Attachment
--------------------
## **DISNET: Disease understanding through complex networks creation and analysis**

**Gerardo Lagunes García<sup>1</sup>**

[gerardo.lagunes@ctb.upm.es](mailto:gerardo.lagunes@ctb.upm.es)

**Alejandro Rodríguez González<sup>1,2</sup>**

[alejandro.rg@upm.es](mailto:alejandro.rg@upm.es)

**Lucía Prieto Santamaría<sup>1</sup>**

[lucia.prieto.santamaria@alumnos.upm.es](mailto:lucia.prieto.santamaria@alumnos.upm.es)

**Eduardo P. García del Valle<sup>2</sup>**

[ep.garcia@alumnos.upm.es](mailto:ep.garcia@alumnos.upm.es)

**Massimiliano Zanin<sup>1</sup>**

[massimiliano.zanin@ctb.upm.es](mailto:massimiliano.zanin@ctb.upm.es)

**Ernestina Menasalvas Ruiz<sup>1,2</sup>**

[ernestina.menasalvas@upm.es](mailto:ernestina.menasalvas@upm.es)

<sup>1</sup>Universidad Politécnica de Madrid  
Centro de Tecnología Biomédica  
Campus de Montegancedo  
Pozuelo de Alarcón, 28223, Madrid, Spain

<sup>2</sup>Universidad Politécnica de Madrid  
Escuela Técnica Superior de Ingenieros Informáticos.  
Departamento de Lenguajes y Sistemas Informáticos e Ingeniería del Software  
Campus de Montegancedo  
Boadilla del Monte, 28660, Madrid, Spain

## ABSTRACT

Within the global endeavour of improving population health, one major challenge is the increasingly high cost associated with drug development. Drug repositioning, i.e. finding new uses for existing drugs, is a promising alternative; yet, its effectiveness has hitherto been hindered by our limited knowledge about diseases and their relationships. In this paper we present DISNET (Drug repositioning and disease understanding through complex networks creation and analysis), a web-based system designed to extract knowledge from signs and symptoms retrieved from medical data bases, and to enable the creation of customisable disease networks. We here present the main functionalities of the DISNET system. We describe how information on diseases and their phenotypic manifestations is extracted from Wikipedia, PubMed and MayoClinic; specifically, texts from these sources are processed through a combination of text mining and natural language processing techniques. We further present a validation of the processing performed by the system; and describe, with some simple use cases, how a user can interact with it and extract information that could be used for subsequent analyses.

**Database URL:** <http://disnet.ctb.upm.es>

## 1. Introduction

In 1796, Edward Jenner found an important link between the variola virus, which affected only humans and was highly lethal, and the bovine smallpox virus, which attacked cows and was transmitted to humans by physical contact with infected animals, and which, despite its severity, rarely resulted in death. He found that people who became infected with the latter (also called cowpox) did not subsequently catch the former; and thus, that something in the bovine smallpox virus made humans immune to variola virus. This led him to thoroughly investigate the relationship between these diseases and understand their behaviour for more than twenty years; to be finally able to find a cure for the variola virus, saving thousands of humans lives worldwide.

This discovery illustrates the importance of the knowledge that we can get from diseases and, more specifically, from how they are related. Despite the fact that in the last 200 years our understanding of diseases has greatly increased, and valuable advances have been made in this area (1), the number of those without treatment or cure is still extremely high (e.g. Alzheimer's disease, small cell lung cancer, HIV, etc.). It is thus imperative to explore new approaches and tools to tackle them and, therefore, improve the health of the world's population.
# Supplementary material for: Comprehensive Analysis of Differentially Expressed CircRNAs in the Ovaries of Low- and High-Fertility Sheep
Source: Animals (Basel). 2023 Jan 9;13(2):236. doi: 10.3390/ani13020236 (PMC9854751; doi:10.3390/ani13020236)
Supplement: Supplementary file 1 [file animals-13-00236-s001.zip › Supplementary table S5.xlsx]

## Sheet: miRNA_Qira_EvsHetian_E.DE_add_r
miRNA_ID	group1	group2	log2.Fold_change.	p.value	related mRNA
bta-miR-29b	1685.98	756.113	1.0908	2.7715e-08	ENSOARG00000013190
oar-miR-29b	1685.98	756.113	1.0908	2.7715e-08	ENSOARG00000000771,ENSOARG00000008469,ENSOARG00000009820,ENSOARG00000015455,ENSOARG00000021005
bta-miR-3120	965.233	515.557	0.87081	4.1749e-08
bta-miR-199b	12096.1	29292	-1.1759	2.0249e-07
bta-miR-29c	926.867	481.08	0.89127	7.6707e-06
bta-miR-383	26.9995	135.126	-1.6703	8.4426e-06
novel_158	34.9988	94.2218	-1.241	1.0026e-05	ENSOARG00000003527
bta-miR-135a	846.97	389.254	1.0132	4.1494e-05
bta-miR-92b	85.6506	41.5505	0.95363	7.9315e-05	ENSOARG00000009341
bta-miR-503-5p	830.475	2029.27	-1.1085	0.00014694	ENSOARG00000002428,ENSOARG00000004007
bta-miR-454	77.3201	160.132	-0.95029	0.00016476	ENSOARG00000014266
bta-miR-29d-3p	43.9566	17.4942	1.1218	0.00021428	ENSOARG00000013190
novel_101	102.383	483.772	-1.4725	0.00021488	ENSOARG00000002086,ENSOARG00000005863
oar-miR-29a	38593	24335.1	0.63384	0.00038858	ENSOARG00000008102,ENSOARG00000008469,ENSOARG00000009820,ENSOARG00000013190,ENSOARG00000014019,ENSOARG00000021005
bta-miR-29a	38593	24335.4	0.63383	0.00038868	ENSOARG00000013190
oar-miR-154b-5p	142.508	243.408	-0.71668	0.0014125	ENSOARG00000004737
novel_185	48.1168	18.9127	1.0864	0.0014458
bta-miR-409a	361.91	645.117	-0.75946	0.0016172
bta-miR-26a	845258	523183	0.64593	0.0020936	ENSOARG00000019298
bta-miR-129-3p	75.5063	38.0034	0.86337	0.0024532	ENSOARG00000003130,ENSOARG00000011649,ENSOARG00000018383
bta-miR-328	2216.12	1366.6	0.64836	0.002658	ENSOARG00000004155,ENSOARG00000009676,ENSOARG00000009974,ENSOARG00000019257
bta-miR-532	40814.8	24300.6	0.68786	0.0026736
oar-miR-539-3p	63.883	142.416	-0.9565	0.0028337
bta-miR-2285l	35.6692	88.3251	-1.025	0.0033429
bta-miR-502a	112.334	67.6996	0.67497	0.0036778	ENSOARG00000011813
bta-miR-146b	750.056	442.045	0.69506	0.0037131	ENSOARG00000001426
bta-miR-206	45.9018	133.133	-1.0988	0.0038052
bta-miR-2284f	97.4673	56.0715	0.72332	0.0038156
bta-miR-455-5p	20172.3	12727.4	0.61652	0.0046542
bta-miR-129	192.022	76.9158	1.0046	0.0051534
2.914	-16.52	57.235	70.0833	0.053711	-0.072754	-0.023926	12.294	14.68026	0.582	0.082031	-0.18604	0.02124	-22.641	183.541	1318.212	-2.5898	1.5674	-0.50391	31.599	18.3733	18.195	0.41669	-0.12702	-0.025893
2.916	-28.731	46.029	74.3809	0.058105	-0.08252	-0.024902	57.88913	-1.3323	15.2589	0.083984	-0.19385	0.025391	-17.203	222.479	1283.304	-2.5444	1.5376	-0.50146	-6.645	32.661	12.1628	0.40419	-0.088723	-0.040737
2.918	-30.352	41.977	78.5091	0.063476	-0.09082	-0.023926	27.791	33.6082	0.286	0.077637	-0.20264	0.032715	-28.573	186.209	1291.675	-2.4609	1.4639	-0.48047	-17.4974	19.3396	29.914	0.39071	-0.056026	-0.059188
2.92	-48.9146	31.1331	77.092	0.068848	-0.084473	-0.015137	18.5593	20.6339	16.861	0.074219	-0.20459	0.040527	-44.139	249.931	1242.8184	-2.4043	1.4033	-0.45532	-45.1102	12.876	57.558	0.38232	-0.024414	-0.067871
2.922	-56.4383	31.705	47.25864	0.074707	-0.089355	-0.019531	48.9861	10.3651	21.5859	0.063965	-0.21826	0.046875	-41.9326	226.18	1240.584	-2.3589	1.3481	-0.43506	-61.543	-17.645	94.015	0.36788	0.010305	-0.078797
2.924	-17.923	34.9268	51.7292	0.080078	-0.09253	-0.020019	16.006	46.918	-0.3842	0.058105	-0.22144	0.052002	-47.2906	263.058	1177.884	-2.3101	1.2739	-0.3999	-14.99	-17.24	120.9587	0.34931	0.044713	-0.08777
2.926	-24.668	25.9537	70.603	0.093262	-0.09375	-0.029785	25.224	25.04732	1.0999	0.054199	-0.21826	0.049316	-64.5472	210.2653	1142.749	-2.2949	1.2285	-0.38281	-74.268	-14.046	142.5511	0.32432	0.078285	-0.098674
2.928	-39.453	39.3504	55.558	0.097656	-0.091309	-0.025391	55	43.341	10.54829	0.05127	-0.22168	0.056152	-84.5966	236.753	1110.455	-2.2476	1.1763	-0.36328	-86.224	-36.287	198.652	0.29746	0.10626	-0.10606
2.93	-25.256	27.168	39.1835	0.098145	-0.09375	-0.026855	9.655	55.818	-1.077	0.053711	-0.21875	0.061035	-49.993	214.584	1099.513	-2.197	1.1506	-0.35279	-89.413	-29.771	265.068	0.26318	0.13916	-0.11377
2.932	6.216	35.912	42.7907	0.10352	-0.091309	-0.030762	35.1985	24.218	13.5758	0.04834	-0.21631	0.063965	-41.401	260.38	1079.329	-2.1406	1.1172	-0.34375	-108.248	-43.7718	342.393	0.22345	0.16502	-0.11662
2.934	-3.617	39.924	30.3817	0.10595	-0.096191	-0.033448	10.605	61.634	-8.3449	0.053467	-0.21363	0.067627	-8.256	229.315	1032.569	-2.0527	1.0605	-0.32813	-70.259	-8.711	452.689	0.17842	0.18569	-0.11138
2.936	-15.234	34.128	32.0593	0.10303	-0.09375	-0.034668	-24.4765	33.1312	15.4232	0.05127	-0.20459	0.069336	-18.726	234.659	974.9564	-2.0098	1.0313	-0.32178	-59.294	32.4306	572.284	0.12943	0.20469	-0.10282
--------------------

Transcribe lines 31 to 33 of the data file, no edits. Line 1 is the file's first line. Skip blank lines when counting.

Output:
Supplement: Supplementary file 1 [file animals-13-00236-s001.zip › Supplementary table S5.xlsx]

## Sheet: miRNA_Qira_EvsHetian_E.DE_add_r
miRNA_ID	group1	group2	log2.Fold_change.	p.value	related mRNA